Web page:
And here are some other things I can’t stand in Modern Orthodox shuls:
    -The rabbi saying “Abraham” and “Isaac” instead of avraham and Yitzchak.
    -The lack of song repertoire for lecha-dodi, kel adon, kedusha, etc. Modern orthodox folk tend not to be as connected to the jewish music scene as the yeshivishe velt, and as a result, stick with the few boring niggunim that they do know.
    -That standard mo-dox shul nusach for kaddish shalem after the chazaras hashatz. I dnt know why. I just don’t like it.
    -The grade-school sing-song version of shema yisroel when taking out the torah on Shabbos.
    -Over-done, under-spirited Carlebach davening (if it was ever cool, they ruined it).
    -That one guy in every Mo-dox shul who angrily shushes everyone around him during the prayer for the medinah, yet he shamlessly talks to his friend during the entire kedusha.
    -You may also notice that during the week, in mo-dox shuls, they are wayyy less tolerant of chassidish collectors who come in, probably just because they are not used to it. It may also be because they dislike chassidim for their non-zionism, but there’s no way of knowing for sure because Ive never seen a modern-orthodox collector to compare against.
    -And finally, the winter-scarf tallis look. Makes me uncomfortable just seeing it.

    But there is one thing that makes it all worth it: That smooth, fragrant, delicious Macallan 18 making its way over my tongue, down my throat, into my belly… Mmm mmm. Nothing like a good kiddush club.

  • yitz January 21, 2013, 11:23 PM

    Come to a chabad shul it will solve all your problem (and create some new ones) btw Hope you support Israel and is only that prayer thata making you pms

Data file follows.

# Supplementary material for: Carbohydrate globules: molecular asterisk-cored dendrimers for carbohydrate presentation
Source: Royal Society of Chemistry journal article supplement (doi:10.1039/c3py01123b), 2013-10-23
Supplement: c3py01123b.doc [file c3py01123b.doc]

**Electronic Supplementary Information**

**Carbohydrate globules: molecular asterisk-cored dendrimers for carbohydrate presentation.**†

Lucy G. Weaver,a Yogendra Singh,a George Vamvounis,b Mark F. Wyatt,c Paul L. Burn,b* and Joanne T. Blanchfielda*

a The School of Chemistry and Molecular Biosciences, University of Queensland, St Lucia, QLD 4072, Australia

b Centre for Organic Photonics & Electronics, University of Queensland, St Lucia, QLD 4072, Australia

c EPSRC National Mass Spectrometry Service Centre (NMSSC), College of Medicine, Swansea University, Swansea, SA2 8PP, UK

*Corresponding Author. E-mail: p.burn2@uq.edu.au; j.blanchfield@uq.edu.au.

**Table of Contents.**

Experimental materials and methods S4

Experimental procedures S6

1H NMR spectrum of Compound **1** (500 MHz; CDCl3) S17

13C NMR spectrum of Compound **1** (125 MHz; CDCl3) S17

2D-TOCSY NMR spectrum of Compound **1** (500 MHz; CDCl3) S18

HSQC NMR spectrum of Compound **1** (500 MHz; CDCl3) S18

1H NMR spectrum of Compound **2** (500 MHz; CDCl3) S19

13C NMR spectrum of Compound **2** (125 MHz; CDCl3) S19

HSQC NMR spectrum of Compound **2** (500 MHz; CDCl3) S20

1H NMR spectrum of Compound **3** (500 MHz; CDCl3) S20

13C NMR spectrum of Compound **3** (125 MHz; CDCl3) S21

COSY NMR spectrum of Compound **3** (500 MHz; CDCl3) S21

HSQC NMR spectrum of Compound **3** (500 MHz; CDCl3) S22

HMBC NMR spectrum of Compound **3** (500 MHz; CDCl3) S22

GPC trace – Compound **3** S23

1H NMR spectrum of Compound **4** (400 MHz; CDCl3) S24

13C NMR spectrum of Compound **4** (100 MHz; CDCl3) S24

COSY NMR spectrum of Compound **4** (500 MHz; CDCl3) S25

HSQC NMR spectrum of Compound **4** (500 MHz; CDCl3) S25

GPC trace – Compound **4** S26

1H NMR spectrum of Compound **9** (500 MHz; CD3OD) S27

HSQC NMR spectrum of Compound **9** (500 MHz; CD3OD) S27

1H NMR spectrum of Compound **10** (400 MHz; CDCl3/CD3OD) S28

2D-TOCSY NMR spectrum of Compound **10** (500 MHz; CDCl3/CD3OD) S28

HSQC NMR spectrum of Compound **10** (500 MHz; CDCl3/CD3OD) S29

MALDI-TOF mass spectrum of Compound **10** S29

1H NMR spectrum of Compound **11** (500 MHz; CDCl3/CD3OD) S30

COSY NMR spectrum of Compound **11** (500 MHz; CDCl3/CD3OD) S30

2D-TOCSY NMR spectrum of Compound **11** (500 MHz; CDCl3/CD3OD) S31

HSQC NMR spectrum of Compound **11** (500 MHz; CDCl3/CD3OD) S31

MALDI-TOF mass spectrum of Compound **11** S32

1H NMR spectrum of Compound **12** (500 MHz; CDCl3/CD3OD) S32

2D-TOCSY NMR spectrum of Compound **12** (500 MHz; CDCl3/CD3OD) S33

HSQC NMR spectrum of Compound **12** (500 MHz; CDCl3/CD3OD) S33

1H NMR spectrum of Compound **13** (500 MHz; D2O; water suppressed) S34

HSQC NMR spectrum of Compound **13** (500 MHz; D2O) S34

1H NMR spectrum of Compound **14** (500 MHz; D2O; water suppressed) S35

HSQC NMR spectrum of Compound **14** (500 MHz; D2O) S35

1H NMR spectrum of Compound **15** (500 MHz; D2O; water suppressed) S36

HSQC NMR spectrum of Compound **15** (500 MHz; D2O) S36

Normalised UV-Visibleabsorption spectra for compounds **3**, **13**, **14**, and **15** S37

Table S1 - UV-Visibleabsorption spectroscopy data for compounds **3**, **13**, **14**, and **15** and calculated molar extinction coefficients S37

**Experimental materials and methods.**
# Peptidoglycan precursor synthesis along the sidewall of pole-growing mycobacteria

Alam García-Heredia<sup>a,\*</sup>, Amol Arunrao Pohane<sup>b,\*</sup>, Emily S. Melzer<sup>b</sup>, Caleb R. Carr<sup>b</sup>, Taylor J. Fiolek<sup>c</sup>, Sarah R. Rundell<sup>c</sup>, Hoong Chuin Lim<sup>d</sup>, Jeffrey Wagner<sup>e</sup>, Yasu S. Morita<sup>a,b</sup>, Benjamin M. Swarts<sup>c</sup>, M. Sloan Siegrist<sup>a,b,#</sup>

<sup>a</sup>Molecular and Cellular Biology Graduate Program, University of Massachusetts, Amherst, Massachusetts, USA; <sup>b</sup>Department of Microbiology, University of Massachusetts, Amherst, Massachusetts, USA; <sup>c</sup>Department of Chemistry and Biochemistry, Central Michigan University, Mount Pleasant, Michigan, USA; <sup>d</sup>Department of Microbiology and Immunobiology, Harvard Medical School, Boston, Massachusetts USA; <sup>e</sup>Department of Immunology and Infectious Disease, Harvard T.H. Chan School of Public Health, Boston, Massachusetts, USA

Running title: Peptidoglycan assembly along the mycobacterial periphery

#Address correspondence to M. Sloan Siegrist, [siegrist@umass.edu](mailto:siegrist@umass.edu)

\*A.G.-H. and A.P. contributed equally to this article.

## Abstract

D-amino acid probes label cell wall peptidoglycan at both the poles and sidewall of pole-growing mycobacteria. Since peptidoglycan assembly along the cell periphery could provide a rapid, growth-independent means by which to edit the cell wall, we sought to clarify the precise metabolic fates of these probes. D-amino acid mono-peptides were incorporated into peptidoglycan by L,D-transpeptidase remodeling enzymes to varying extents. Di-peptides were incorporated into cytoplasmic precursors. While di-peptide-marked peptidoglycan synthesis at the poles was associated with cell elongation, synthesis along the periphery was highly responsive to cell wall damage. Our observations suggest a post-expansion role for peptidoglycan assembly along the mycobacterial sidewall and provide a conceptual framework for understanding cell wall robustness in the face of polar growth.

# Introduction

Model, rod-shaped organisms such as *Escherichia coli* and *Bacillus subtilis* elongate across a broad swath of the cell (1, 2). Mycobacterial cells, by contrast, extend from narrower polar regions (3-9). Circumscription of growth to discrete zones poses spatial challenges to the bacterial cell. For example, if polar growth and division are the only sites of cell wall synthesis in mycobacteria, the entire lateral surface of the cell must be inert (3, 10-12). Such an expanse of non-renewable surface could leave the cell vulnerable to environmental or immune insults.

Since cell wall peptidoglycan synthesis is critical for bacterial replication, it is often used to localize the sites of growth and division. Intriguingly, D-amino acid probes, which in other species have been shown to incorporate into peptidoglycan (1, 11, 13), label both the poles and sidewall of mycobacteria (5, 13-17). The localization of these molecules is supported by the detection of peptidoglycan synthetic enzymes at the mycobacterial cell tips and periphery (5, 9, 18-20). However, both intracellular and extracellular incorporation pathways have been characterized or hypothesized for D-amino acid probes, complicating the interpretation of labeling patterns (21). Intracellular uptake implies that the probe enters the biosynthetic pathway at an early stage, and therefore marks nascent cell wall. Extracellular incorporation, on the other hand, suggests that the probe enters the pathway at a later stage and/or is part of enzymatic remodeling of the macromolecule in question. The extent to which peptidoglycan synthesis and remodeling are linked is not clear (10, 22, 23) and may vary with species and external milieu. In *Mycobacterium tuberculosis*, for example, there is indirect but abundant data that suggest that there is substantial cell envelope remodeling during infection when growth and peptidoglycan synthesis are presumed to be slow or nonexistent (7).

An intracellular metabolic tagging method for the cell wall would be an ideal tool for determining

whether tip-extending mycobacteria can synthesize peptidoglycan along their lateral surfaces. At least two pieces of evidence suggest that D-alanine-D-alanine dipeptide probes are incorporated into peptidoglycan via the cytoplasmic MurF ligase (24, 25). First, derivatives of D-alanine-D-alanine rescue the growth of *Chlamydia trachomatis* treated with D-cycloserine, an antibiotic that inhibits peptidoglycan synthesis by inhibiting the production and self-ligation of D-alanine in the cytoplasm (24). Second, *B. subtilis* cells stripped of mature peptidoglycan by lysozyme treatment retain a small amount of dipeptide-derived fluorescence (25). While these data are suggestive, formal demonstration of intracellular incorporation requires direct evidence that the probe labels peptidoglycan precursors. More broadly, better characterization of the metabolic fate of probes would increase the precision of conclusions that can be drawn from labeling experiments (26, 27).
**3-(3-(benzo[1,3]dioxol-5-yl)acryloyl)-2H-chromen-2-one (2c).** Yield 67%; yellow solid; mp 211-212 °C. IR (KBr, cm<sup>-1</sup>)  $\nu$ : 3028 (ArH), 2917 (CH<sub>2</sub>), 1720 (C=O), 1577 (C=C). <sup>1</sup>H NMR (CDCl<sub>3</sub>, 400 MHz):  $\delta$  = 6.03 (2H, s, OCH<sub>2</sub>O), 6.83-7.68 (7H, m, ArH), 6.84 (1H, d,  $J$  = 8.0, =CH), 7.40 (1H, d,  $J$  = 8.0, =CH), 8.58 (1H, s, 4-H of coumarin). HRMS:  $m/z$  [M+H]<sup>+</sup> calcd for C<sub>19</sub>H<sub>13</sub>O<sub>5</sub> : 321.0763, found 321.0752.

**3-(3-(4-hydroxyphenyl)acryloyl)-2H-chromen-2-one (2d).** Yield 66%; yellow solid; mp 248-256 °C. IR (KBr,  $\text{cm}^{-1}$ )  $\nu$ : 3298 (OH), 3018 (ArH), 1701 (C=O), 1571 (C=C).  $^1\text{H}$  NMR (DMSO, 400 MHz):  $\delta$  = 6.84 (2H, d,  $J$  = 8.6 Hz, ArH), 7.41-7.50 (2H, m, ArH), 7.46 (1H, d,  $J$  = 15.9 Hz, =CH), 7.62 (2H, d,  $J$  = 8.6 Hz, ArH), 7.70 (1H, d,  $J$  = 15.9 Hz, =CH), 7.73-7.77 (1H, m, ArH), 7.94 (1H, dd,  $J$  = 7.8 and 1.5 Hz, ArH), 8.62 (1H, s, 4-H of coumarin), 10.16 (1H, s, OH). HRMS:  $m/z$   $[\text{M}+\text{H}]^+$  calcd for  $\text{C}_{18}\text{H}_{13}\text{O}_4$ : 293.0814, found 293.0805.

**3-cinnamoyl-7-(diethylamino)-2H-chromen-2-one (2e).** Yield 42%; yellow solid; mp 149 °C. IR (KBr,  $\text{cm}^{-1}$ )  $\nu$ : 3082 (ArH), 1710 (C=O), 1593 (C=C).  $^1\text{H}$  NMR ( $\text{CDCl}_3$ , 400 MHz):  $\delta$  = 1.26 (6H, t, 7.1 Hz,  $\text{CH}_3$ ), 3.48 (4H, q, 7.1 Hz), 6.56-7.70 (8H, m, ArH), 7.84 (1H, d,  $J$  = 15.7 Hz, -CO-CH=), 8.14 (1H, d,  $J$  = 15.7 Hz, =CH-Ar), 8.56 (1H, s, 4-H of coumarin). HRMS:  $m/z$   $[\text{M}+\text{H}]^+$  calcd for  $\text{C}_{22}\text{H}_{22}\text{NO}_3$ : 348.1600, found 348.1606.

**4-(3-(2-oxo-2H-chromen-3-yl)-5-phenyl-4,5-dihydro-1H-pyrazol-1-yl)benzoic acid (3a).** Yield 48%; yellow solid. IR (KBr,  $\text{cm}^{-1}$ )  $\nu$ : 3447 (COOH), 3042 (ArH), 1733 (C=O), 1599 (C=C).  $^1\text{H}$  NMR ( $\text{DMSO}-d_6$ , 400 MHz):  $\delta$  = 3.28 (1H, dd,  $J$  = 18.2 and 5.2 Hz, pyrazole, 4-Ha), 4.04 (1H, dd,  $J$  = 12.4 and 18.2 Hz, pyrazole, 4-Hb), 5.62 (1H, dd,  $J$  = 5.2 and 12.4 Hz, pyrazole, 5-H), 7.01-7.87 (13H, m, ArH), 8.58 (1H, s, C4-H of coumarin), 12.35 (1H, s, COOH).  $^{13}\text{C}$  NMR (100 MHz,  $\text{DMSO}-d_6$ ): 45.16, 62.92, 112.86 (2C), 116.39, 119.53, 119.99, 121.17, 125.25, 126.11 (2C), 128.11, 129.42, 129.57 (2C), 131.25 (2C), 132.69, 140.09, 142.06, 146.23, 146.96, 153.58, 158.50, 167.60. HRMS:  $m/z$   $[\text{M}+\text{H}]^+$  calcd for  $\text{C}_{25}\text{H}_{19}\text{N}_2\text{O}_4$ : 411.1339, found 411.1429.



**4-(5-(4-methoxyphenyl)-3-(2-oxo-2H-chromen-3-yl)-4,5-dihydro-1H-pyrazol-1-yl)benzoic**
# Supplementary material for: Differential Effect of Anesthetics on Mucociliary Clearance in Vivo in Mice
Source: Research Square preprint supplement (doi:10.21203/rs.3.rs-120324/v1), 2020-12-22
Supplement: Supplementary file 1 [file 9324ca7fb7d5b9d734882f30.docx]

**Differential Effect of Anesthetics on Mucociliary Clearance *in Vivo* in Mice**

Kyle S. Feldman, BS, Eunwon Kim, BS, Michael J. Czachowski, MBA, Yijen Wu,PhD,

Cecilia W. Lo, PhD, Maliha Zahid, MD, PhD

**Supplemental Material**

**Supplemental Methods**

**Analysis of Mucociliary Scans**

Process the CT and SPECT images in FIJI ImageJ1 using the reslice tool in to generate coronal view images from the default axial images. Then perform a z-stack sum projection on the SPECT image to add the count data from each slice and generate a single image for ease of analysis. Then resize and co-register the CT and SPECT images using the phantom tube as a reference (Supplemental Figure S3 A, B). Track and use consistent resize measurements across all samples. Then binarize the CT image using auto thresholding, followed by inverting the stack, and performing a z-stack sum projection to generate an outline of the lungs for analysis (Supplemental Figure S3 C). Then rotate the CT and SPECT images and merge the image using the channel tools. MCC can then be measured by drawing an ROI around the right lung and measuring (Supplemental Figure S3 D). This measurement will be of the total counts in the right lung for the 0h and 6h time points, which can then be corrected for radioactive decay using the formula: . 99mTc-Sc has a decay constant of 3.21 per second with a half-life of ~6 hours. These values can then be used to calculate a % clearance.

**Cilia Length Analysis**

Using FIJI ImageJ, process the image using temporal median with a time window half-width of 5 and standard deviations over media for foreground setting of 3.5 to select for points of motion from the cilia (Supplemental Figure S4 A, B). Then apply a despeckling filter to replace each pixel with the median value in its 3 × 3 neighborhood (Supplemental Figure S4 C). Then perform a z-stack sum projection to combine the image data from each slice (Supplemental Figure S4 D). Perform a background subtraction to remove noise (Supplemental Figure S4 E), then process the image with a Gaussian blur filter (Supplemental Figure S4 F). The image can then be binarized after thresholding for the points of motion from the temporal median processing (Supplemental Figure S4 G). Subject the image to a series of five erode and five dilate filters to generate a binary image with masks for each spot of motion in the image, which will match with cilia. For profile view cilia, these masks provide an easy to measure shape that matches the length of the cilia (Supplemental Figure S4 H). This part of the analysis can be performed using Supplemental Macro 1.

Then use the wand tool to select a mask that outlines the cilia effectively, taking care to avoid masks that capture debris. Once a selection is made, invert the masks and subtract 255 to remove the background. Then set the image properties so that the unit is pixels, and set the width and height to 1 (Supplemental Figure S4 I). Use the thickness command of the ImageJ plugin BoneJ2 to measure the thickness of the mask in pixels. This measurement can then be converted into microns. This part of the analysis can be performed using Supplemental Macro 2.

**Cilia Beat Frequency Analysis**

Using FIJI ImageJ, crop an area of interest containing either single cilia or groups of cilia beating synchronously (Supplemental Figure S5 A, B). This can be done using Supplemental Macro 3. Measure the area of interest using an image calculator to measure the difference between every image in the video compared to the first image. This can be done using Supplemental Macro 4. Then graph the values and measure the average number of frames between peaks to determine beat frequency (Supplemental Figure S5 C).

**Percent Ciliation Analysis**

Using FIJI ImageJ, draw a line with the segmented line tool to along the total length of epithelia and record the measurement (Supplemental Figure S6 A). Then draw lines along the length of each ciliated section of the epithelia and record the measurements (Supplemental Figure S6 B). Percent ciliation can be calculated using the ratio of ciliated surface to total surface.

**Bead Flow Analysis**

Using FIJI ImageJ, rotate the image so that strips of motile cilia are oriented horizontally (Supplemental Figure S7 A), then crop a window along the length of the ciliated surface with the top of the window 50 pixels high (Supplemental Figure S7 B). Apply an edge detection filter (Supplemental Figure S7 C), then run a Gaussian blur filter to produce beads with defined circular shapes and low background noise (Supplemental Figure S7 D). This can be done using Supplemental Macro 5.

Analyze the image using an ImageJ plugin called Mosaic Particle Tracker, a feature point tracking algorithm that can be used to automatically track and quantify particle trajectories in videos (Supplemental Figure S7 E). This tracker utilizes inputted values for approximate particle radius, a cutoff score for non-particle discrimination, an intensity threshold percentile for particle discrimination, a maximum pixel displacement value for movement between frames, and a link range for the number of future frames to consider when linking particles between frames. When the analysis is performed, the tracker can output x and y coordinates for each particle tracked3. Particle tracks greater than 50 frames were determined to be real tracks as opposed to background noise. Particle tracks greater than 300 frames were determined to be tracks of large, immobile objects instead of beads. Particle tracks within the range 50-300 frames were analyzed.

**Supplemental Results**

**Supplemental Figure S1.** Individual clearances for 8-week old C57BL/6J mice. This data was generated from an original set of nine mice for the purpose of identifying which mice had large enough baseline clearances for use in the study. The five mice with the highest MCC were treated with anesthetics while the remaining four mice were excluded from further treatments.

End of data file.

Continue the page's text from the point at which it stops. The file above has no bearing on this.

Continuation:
• Yochanan January 22, 2013, 9:51 AM

      But, since Shacharit starts at 10, you’ll get out at the same time the Modern shul does.

  • calander January 22, 2013, 9:17 AM

    If you don`t support Israel, you`ll end up a satmer pervert.

  • Anonymous January 22, 2013, 10:05 AM

    “The Torah walk around”

    I call this the Rabbi-and-important-people hand shaking festival. I kind of like the formality of Modern Orthodox shuls and have heard that this has some correlation to the Bet HaMikdash. But, seriously. Do we really need 7 people walking around the shul everytime the Torah is taken out? By the time a Modern shul puts the Torah down on the Bima, a Charedi shul would be at Shlishi.

    • Yochanan January 22, 2013, 10:06 AM

      That’s me above.

  • Anonymous January 22, 2013, 10:09 AM

    “Seudat Shlishit”

    It’s Seuda Shlishit. Shlishit (third) modifies sueda (meal)=3rd meal.

    Seudat Mitzva. Seudat (meal of) modifies mitzva=meal of a mitzva/ a mitzva’s meal.

    • Yochanan January 22, 2013, 10:09 AM

      Me again.

    • Sergey Kadinsky January 23, 2013, 5:35 AM

      The shul where I grew up comfortably switched between Yiddishisms like Shaleshudes and Hebraisms like Seudat Shelishit.

      I’m surprised Heshy isn’t peeves when all the people in need of a refuah are read out loud, people contribute more names and it takes up time. For each yartzeit, a separate k’El Male Rahamim is recited.

      I volunteer at a senior home on Shabbat, so we get very long lists of cholim and yartzeits from the mispallelim.

      • Yochanan January 24, 2013, 12:45 PM

        It’s Seuda (no tav) Shlishit.

    • Tuna Beard April 16, 2013, 10:19 AM

      I always hated that word. Reminds me of egg farts and old men and fat women who need to shower

  • Reb Noach January 22, 2013, 10:31 AM